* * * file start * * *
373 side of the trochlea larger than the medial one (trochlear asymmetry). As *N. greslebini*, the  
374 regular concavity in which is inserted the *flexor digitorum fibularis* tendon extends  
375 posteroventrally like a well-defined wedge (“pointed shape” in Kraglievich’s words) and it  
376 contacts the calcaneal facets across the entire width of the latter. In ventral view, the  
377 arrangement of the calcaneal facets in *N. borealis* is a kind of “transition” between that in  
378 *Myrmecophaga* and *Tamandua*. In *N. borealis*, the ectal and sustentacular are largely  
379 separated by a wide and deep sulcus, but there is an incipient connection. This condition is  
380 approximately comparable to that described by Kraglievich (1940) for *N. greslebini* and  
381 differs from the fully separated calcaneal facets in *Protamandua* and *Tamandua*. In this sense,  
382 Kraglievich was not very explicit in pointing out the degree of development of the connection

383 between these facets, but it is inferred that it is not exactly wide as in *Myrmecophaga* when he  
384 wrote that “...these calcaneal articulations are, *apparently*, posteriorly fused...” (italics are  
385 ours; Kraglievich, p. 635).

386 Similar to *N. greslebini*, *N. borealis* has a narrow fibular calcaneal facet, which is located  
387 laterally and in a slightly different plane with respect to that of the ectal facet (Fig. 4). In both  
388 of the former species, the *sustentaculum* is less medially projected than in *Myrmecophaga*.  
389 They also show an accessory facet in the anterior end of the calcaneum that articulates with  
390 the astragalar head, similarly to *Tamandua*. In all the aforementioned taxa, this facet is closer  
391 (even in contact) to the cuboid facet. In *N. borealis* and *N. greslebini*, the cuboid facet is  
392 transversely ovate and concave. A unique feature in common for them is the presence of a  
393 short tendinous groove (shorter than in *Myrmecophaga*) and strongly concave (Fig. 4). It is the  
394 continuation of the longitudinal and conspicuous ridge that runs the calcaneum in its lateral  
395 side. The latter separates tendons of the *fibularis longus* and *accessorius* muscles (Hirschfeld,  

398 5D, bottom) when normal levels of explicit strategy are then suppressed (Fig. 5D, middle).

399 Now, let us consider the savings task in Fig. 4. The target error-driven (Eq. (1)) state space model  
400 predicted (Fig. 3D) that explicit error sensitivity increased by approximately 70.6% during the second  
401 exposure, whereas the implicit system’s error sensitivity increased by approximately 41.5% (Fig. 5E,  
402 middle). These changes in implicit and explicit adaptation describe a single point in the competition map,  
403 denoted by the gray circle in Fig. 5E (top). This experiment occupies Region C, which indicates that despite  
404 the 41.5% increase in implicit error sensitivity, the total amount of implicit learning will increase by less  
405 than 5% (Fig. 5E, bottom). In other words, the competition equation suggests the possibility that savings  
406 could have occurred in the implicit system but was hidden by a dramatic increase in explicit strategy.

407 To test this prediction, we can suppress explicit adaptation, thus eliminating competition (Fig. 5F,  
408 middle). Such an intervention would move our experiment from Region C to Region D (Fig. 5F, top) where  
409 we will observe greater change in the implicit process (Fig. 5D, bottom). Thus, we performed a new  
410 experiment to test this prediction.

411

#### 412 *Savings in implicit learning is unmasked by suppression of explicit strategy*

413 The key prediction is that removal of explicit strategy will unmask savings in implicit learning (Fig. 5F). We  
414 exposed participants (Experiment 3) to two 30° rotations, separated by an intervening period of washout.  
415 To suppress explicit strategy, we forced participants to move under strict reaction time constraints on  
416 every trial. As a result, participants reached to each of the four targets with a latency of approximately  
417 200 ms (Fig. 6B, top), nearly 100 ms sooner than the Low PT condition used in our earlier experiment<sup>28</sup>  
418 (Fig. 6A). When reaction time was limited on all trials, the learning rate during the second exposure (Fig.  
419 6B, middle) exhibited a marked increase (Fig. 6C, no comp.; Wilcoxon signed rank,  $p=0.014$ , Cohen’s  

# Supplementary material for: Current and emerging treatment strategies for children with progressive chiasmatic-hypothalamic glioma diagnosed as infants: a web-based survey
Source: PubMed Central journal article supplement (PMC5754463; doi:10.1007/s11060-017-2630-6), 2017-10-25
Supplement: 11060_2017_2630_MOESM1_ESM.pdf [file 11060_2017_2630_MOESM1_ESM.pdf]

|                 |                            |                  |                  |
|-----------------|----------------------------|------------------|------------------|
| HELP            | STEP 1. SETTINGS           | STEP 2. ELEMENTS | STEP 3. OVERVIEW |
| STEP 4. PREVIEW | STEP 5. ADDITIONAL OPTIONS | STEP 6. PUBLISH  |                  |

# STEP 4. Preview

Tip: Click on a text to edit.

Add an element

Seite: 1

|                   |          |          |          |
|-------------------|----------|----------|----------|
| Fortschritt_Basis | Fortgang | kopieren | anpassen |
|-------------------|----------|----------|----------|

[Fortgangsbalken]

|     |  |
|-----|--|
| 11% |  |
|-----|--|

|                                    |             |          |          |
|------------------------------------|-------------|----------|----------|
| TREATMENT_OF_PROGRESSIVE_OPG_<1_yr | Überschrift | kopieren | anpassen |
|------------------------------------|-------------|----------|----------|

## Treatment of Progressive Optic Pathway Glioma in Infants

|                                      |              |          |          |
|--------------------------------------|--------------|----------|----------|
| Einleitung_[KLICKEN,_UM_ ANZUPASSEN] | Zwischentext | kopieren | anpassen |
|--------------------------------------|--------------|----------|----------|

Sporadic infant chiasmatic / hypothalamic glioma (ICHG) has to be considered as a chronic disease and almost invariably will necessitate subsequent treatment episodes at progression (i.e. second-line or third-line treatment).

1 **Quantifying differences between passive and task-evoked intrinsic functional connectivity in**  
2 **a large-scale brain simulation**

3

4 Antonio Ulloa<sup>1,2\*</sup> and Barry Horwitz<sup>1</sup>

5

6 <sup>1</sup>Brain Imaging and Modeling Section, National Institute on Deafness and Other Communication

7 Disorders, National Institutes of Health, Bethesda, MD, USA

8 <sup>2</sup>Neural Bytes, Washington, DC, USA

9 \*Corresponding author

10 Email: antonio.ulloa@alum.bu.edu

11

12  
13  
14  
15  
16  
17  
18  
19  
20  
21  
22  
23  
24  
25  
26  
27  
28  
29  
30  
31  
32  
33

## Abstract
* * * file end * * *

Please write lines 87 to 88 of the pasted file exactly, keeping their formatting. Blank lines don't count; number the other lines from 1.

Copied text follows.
12  
13  